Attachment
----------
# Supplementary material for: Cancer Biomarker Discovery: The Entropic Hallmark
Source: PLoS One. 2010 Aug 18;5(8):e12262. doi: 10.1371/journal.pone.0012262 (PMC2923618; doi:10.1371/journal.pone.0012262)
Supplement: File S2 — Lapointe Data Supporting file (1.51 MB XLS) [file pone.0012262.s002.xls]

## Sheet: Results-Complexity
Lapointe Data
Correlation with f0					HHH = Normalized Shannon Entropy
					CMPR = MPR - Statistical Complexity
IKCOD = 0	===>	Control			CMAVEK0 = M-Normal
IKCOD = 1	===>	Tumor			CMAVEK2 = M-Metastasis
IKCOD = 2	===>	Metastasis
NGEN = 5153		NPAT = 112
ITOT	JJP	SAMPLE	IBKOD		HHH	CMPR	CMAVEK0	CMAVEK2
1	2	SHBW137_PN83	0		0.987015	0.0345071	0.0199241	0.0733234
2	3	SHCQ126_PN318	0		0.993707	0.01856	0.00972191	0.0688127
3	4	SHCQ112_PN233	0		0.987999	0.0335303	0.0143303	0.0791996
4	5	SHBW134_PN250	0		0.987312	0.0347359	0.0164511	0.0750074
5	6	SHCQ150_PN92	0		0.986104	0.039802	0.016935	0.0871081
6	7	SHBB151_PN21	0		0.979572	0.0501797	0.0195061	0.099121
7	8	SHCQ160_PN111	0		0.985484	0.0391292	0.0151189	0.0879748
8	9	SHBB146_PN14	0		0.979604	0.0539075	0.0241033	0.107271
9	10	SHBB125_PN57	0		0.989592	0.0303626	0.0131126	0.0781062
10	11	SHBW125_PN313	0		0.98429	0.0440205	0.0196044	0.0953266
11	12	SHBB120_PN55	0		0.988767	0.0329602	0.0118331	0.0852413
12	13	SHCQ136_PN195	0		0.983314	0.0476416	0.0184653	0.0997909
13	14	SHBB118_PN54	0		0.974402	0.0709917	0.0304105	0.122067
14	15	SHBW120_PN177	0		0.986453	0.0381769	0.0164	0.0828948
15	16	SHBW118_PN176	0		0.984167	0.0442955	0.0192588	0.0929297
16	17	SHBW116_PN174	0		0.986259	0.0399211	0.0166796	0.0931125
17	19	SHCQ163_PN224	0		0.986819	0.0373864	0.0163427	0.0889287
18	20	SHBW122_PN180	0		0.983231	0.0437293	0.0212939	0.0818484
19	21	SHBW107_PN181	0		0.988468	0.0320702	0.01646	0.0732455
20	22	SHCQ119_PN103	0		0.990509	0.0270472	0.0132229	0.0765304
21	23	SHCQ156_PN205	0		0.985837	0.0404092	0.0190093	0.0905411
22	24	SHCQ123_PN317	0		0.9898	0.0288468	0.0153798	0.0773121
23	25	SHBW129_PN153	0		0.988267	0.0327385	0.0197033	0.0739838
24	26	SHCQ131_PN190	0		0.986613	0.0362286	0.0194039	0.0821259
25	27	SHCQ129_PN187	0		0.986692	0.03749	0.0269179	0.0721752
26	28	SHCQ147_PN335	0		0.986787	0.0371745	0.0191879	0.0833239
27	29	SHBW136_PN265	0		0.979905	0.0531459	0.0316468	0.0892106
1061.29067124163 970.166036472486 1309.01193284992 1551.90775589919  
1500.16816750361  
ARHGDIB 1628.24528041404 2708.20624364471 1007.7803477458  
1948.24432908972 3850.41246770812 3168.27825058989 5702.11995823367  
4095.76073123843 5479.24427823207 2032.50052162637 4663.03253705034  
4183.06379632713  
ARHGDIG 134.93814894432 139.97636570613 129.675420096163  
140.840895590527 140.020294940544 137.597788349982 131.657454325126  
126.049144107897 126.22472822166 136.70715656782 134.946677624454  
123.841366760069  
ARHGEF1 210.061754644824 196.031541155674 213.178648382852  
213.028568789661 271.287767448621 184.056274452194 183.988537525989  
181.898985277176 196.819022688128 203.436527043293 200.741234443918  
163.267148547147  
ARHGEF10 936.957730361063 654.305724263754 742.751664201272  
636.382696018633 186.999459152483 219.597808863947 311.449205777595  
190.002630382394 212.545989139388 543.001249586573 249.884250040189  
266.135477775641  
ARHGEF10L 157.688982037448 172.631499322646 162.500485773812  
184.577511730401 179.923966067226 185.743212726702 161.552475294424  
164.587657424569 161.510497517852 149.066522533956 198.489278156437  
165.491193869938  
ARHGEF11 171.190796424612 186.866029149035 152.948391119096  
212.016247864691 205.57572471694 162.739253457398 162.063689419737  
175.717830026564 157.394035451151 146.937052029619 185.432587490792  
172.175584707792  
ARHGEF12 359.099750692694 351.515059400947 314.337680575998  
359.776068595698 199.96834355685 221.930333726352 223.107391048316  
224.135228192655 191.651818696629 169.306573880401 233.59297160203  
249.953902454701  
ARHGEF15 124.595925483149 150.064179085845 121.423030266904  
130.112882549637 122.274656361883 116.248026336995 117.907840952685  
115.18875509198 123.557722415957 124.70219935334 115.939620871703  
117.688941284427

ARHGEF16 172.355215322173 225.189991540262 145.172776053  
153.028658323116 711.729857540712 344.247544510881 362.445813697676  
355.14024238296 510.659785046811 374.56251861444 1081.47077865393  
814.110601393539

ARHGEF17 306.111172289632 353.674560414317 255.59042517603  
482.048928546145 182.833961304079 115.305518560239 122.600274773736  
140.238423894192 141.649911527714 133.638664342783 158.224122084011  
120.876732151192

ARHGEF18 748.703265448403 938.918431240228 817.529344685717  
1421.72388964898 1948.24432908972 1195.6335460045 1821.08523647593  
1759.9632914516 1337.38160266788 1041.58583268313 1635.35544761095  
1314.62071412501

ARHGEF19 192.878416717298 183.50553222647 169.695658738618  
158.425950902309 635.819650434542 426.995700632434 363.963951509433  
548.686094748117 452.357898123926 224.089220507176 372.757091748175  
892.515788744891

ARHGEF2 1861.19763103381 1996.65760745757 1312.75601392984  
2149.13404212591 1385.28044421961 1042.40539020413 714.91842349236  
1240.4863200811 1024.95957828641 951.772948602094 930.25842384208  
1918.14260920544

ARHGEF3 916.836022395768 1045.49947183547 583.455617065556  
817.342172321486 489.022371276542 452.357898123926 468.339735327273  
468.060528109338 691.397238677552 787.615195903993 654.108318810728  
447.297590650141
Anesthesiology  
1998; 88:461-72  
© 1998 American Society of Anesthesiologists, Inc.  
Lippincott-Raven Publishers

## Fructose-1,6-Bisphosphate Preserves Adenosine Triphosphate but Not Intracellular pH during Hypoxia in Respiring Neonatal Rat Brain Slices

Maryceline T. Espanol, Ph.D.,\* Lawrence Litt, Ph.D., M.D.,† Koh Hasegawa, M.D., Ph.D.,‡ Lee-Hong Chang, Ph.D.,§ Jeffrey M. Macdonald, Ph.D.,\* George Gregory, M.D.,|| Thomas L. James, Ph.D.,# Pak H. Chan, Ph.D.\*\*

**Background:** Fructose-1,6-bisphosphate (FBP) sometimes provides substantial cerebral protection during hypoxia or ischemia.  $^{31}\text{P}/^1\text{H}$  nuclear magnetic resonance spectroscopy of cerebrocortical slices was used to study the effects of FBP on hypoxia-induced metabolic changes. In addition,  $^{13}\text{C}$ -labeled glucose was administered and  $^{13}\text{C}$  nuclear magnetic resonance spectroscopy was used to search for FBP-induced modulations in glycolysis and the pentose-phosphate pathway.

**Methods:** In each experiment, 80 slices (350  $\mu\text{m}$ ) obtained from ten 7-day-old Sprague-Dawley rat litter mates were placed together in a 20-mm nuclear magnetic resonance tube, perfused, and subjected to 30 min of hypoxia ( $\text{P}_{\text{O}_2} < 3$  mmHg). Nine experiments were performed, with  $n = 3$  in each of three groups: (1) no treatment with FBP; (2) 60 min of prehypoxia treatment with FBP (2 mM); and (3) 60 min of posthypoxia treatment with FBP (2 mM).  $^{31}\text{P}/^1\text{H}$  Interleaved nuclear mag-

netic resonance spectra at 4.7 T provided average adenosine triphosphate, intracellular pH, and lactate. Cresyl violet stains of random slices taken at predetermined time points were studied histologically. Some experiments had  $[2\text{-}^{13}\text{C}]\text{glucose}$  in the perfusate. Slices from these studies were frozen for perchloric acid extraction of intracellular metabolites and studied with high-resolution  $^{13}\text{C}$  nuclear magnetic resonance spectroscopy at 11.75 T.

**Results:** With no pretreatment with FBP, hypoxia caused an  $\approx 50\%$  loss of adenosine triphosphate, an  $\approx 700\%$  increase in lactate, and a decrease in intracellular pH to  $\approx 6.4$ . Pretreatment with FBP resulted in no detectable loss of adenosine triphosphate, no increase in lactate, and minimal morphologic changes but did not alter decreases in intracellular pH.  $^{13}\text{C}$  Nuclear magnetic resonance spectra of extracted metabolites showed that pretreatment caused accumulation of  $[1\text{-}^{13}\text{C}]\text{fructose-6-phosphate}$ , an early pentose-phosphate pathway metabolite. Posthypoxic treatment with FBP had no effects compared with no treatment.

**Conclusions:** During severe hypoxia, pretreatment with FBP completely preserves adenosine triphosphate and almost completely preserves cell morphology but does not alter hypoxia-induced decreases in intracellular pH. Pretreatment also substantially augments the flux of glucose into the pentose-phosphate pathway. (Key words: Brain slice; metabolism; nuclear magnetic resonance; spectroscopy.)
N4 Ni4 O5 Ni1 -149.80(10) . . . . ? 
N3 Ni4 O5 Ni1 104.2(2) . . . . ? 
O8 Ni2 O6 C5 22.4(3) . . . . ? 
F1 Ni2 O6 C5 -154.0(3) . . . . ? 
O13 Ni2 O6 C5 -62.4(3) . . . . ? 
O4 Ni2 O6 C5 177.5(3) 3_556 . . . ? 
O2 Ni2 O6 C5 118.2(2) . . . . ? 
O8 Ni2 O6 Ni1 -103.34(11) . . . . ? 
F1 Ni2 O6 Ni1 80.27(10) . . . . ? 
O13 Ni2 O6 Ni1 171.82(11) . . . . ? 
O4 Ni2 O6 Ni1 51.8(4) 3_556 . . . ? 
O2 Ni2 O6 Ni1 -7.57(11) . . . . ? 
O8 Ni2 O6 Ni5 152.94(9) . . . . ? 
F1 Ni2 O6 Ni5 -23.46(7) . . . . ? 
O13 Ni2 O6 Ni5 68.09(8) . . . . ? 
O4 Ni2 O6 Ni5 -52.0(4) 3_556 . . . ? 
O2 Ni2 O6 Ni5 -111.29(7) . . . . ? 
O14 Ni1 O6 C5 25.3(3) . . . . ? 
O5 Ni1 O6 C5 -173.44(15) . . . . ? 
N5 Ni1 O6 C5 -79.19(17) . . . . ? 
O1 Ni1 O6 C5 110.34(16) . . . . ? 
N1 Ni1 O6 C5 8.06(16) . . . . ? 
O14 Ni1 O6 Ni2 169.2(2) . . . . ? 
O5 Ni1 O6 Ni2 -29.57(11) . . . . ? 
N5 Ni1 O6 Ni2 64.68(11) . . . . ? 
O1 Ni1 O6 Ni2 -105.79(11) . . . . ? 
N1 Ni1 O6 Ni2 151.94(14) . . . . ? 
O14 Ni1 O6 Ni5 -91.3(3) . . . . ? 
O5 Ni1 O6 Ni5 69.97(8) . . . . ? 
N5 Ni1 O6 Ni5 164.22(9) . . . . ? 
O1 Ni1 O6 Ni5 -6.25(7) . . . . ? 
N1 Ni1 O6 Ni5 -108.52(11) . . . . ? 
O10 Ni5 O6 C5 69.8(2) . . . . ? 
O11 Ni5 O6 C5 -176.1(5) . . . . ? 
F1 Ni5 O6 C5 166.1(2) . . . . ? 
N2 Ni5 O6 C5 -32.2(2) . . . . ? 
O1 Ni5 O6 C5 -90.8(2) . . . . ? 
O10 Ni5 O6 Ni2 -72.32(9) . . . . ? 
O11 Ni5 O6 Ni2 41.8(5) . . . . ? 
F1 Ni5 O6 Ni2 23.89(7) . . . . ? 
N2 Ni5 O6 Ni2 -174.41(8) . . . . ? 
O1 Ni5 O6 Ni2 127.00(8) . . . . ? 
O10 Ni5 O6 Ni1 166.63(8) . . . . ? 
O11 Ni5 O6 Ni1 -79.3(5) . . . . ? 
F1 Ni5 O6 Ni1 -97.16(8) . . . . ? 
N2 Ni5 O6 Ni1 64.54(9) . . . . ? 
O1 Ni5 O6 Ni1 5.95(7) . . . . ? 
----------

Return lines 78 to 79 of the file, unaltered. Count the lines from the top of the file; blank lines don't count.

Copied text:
ARHGEF17 306.111172289632 353.674560414317 255.59042517603  
482.048928546145 182.833961304079 115.305518560239 122.600274773736  